Society is undergoing a change of mind about the way religion and people of faith intersect with public life. That is, there are intensifying perceptions that faith is at the root of a vast number of societal ills.
Though it remains the nation’s most dominant religion, Christianity faces significant headwind in the court of public opinion. The decades-old trend that Christianity is irrelevant is increasingly giving way to the notion that Christianity is bad for society.
A new major study conducted by Barna Group, and explored in the new book Good Faith, co-authored by Barna president David Kinnaman, examines society’s current perceptions of faith and Christianity. In sum, faith and religion and Christianity are viewed by millions of adults to be extremist.
Here are five facts that explain the emerging reality:
1. Adults and especially non-believers are concerned about religious extremism.
In the wake of religiously motivated terrorism—like the recent incidents in San Bernardino and Paris—it is no wonder that a backlash against extremism is reaching a boiling point. Currently, a strong majority of adults believe “being religiously extreme is a threat to society.” Three-quarters of all Americans—and nine out of ten Americans with no faith affiliation—agree with this statement.
2. Nearly half of non-religious adults perceive Christianity to be extremist.
The perception that the Christian faith is extreme is now firmly entrenched among the nation’s non-Christians. A full forty-five percent of atheists, agnostics, and religiously unaffiliated in America agree with the statement “Christianity is extremist.” Almost as troubling is the fact that only 14 percent of atheists and agnostics strongly disagree that Christianity is extremist. The remaining four in ten (41%) disagree only somewhat. So even non-Christians who are reluctant to fully label Christianity as extremist, still harbor some hesitations and negative perceptions toward the religion.
3. The range of what constitutes extremism is broad, ranging from behaviors that are almost universally condemned to more narrowly defined extremism.
What actions and beliefs, exactly, come to mind when people think about religious extremism? The researchers examined more than 20 different activities and beliefs, asking a random, representative sample of U.S. adults to identify the degree to which each of those activities appeared extreme. The results essentially fall into four categories, as shown in the infographic below.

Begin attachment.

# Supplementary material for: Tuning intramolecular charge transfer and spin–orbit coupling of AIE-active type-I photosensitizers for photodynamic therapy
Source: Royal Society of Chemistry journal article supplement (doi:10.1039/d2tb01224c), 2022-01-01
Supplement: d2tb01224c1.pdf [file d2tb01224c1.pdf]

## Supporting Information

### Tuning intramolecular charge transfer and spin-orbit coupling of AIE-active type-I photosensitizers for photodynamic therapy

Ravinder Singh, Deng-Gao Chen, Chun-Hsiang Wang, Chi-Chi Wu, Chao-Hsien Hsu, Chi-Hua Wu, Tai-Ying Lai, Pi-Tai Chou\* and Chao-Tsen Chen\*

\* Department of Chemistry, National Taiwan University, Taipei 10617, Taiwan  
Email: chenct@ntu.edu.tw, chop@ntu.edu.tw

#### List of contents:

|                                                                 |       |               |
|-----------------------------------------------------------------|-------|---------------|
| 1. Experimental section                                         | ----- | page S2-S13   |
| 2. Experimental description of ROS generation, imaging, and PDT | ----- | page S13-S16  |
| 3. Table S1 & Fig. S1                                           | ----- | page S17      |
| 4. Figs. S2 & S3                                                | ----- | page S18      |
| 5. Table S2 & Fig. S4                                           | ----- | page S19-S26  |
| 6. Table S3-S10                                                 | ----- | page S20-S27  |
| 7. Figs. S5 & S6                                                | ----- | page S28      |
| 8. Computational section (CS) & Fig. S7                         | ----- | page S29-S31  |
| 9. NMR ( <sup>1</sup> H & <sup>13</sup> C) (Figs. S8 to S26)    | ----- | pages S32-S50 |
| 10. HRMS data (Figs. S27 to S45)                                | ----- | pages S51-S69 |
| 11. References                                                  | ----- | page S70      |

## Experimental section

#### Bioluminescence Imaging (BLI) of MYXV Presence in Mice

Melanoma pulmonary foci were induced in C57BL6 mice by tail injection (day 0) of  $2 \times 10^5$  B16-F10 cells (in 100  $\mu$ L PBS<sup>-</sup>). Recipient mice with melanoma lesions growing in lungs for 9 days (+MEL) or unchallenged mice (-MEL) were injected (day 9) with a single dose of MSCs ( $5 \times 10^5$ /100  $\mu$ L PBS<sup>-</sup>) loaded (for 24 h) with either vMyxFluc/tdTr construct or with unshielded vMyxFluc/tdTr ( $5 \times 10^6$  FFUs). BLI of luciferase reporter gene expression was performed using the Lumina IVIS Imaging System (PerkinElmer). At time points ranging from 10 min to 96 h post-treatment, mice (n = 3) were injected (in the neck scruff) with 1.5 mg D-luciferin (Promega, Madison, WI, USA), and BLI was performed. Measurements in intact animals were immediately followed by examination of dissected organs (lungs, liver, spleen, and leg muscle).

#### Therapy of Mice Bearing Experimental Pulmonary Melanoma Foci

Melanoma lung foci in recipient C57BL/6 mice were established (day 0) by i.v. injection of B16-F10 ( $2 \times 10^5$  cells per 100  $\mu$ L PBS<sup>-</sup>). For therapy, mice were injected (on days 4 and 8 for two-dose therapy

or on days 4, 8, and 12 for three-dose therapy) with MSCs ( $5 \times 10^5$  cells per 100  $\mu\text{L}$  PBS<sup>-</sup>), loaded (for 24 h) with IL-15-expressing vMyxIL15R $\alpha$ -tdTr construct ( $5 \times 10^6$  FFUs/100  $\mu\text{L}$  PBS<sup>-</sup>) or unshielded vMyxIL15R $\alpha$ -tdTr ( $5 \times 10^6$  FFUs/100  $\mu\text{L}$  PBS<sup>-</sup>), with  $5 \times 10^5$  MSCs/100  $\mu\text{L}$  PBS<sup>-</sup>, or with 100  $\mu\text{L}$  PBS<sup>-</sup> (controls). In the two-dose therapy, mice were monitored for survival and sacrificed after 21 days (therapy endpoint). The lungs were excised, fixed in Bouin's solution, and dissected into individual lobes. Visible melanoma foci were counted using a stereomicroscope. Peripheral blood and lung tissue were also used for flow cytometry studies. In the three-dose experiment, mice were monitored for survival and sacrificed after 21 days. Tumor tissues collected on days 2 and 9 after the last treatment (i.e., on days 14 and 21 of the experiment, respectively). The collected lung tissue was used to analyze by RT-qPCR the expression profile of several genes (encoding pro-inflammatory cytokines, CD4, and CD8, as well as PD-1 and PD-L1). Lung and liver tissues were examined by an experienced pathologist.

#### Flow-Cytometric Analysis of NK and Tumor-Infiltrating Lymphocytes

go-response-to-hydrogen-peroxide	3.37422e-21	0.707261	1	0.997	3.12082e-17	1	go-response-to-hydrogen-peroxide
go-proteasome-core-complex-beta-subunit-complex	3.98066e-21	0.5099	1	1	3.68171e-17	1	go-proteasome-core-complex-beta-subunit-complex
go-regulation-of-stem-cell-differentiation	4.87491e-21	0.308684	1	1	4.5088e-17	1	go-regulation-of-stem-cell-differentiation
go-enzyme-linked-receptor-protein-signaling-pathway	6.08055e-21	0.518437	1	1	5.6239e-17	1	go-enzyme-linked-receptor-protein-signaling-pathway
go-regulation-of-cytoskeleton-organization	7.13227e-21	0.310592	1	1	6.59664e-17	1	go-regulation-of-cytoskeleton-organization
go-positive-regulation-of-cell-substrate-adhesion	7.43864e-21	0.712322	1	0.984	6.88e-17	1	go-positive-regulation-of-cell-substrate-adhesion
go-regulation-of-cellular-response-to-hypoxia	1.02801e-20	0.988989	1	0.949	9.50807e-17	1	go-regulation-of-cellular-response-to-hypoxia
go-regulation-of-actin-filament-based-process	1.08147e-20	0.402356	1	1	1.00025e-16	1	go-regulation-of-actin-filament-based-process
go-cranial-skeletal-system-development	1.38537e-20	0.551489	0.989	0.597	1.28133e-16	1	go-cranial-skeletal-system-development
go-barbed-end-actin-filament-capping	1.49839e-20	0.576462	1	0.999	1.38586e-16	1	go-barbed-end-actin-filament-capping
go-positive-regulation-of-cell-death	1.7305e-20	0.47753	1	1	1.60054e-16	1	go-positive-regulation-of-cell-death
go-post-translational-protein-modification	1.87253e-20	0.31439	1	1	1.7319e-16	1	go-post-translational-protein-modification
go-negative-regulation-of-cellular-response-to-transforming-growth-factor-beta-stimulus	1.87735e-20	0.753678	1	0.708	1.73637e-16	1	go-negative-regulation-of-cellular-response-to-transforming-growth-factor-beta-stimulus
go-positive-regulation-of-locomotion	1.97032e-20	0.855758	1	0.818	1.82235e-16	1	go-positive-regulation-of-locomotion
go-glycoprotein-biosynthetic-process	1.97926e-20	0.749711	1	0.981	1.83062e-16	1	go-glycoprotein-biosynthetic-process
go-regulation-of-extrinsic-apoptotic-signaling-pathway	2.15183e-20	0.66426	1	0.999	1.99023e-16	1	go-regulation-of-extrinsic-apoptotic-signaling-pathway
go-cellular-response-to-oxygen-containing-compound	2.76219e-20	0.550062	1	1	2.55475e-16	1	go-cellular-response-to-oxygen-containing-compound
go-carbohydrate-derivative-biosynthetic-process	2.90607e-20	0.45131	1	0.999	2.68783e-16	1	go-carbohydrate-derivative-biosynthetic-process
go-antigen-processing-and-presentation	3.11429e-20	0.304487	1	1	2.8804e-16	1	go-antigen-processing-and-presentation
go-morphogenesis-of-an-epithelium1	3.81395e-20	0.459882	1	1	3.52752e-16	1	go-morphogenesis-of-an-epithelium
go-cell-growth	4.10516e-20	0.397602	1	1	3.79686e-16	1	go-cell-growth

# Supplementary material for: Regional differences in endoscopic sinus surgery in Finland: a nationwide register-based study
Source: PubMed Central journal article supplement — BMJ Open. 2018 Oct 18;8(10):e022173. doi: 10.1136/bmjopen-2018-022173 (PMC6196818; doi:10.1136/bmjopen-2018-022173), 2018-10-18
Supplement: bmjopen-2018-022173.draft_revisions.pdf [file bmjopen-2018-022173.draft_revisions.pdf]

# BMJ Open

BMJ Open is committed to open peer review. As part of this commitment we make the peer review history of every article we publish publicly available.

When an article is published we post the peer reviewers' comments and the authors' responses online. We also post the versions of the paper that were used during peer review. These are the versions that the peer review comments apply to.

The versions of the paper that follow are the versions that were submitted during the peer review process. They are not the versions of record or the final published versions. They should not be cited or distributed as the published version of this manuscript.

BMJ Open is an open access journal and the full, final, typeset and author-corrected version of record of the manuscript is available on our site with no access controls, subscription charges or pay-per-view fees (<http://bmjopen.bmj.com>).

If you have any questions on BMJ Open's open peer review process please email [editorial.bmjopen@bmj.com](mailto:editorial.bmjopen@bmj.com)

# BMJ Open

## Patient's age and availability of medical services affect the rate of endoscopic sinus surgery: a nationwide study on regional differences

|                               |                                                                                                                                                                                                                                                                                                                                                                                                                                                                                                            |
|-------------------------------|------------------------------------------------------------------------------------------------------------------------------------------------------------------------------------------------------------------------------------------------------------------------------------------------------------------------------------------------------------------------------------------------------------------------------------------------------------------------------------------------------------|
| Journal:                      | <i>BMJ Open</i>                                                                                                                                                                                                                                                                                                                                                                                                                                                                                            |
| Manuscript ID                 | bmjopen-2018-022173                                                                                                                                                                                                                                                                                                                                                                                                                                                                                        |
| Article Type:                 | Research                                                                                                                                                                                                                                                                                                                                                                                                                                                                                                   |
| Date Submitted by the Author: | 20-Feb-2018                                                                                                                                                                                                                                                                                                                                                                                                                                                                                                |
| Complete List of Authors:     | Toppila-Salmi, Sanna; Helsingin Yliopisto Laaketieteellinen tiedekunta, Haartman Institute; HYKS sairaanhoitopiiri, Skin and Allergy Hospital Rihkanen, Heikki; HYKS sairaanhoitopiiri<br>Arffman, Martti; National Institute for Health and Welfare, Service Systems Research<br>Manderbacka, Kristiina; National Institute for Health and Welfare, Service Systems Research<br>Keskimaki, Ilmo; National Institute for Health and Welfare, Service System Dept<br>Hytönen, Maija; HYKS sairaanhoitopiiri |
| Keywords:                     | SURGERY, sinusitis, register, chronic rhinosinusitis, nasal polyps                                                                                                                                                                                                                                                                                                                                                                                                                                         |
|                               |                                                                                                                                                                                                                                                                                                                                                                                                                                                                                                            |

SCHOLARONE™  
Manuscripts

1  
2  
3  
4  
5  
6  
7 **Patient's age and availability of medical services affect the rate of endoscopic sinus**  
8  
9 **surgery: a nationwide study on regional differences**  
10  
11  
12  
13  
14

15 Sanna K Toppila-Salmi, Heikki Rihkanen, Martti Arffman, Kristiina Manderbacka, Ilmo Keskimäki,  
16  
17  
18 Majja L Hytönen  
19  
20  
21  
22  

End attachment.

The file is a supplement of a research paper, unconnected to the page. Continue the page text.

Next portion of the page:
- Category 1 included those actions widely considered to be extreme by at least four in five adults in the U.S. This involved using religion to justify violence, refusing standard medical care for children, and refusing to serve a customer whose lifestyle conflicted with their beliefs. For the most part, these three elements were viewed to be extreme by a majority of all demographic segments as well.
- Category 2 were activities and beliefs marked as extremist by at least half, but less than 80% of the public. Eight different factors qualified for this level, ranging from demonstrating outside an organization they consider immoral and protesting government policies that conflict with religious views. Many of these factors related to the claims of faith in the public square—that is, how religious people might interact on social issues and government policies.
- Category 3 included factors that generated extremist concerns among at least one out of five adults, though they are not currently rated as extreme by more than 50% of adults. This group of concerns was populated by elements that are more distinctive to various religious traditions, such as speaking in tongues (characteristic of Pentecostal and charismatic believers), wearing special clothes or head coverings (e.g., Muslim women), and adhering to special dietary restrictions (such as Mormons, Catholics, Jews, and Adventists). [Note: specific religious connections were not provided to respondents.]
- Category 4 was only occasionally indicated as extremist, generating concerns among at least one in 16 adults, but fewer than one-fifth of Americans. However, when calculated on the basis of the entire population, these perceptions represent significant numbers of adults who indicate anxiety about these kinds of religious expression. These factors include reading sacred literature (either the Bible or Koran) in public as well as donating money to or attending a religious institution. Again, these are low on the list of extremism, however, for many Americans even these conventional activities are viewed to be extreme.
5. Evangelicals stand out from the norm in terms of their attitudes on religious extremism—and they exhibit major differences from the skeptics.
Evangelical Christians stand out among national trends. In all but four cases, evangelicals are much less likely to perceive the elements assessed in the research to constitute extremism. Evangelicals are equally likely as the general population to say that religiously motivated violence and refusing medical attention to children are extremist—in other words, the vast majority of evangelicals agree with virtually everyone that these activities are certainly extreme. Also, evangelicals are equally likely as the general population to say that wearing special clothes or head garments and reading the Koran in public are extremist actions.
[Note: Barna’s definition of evangelicals is not based upon a person self-identifying as evangelical. See the methodology below for details. As Barna defines them, evangelicals represent 7% of the population or about one in every 14 adults.]
The research points out a massive gap between two “super segments” in American life today: evangelicals and skeptics (those who self-identify as atheist, agnostic and religiously unaffiliated).